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When you buy a home and contents insurance policy, your insurer will take your individual circumstances, your budget and a range of additional factors into consideration when calculating your monthly premium. The below items can all affect your final premium:

  • The sum insured. The maximum amount you can claim on your home and contents insurance is commonly referred to as “sum insured”. The larger the sum insured, the higher the premium you pay. However, if you decide to double your sum insured, the amount of your premium won’t necessarily grow twofold. It’s important to insure your home for an amount that exceeds how much it would cost to replace – even in the event of accidental damage or a natural disaster.
  • Estimate value of your home and contents. When you’re insuring your home, you’ll need to calculate the replacement value of the whole structure and associated outbuildings as accurately as possible. You’ll also need to do the same for your contents/belongings residing at your home. If you own items that are particularly precious, you might consider taking out additional valuables cover. There is a variety of online calculators offered by banks and insurance companies that you can use to crunch the numbers.
  • Excess amount. Excess refers to the sum you have to pay when you make a claim on your policy. Most insurance policies have either standard or voluntary excess. A standard excess normally applies to every claim, but you can choose the amount you’ll pay as a voluntary excess, which may or may not reduce your premium.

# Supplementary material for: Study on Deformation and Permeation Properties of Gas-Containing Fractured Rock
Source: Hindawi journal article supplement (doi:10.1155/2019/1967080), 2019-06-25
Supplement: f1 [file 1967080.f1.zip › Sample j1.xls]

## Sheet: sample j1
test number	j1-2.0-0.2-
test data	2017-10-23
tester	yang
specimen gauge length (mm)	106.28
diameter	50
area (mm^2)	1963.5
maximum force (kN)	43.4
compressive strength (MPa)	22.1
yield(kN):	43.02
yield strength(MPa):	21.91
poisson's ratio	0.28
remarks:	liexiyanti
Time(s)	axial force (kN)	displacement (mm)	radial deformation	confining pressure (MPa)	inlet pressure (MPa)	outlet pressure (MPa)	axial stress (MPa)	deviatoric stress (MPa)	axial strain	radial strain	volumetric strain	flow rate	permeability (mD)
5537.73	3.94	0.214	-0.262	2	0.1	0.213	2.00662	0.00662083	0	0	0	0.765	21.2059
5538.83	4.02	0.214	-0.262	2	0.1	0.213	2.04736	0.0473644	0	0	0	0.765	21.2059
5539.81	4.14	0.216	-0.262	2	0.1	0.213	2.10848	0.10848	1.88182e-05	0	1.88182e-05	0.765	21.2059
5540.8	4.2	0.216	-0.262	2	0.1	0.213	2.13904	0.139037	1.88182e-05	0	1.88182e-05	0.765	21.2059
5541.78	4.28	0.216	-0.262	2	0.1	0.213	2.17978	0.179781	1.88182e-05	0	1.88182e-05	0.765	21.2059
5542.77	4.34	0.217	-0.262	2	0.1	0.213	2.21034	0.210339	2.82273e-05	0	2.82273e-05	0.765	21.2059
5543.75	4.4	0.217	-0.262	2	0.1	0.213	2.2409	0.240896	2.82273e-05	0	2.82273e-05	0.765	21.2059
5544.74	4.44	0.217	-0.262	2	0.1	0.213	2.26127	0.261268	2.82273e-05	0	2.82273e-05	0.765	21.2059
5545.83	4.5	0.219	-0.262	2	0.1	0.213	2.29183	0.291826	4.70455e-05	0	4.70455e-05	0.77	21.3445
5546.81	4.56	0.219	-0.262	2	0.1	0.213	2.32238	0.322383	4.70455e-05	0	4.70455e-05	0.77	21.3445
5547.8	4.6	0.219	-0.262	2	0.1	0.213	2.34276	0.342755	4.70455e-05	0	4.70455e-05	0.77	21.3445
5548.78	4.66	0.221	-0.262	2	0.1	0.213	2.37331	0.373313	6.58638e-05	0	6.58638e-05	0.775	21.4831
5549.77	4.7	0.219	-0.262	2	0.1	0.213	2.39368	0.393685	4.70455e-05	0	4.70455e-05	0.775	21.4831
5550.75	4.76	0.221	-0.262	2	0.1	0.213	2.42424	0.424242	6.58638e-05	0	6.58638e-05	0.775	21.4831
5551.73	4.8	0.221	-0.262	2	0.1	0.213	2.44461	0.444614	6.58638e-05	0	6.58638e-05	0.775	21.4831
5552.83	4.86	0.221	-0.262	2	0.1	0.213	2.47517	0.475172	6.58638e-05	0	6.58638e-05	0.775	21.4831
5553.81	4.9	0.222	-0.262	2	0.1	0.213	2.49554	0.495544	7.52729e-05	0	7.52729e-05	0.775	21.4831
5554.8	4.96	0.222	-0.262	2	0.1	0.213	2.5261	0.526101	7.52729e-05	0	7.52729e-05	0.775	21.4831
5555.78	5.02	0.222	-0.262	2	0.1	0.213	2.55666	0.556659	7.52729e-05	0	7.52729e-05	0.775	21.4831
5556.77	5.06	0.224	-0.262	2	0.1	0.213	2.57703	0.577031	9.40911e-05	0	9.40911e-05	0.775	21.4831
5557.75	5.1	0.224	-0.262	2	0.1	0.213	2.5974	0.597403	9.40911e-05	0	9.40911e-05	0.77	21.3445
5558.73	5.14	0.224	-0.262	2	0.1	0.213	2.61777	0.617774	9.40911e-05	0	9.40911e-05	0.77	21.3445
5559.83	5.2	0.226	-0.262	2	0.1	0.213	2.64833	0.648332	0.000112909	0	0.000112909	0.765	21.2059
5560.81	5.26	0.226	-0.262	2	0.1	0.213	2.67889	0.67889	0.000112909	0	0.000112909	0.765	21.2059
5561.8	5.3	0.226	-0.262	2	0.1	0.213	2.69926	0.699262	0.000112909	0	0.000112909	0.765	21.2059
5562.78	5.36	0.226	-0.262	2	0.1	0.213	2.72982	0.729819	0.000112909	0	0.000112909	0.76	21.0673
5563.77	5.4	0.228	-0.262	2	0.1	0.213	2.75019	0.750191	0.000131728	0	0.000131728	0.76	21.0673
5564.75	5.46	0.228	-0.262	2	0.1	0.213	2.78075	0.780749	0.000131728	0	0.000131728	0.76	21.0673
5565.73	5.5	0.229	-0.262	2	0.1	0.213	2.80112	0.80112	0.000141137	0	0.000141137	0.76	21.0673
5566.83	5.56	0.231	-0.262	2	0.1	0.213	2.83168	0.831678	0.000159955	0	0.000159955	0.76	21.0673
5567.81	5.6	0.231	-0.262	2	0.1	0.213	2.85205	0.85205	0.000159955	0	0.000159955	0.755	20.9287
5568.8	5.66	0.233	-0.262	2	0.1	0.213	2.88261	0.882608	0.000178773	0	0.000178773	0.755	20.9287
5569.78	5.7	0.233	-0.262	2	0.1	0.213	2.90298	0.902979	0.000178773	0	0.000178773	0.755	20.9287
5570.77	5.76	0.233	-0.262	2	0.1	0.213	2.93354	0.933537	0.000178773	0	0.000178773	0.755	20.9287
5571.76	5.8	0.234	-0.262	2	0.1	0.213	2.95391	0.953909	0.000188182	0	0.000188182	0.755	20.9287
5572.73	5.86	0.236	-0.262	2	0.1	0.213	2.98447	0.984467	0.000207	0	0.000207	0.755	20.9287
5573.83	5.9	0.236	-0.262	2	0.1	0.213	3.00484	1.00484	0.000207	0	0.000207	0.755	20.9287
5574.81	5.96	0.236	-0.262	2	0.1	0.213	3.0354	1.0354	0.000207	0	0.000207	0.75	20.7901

• Multiple excesses. While some excesses will apply whenever you make a claim, others will depend on the circumstances of your claim; e.g. young drivers who have an accident could be eligible for age excess along with standard excess. Your certificate of insurance usually lists the types of excess that you have to pay when you make a claim.
  • Home security. Your suburb’s susceptibility to natural events such as floods, cyclones or bushfires comes into the risk factor assessment; so does its crime rate. The higher the risk perceived by your insurance company, the more your premium works out to be.
  • Age and structure of your property. In order to estimate the likelihood of your home withstanding serious damage, your insurer will look at how old your house is, what materials it is made from and the sturdiness of its overall construction.
  • The oldest person residing at the property. When you are buying a home and contents policy, keep in mind that insurers see older people as carrying less potential risk for a range of events. Generally, a couple in their 40s or 50s is considered less likely to claim than a pair of 20-year olds.
  • Median suburb price. As they say, location is everything. Proximity to CBD or major shopping centres drives real estate prices in the area, with those statistics having a direct effect on your insurance premium.
  • Natural hazard risk. This is considered to be a major factor if your house or apartment building falls into bushfire or flood zone, or is located in a subsidence (land associated with erosion and sinkholes) prone area.
  • Changes in the insurance market. Although these can be out of your control as a primary policy holder, insurance companies will typically communicate any forthcoming changes to you.

When you buy home and contents insurance in Australia, your insurer is required by law to supply a key facts sheet (KFS) outlining the events that your policy does and does not cover.  Along with the KFS, you should thoroughly read through the product disclosure statement (PDS), which lists your policy’s terms and conditions.

If you have any questions for your insurer, don’t shy away from asking them. After all, it makes more sense to pay a more expensive premium than you’ve originally projected than risk underinsurance.

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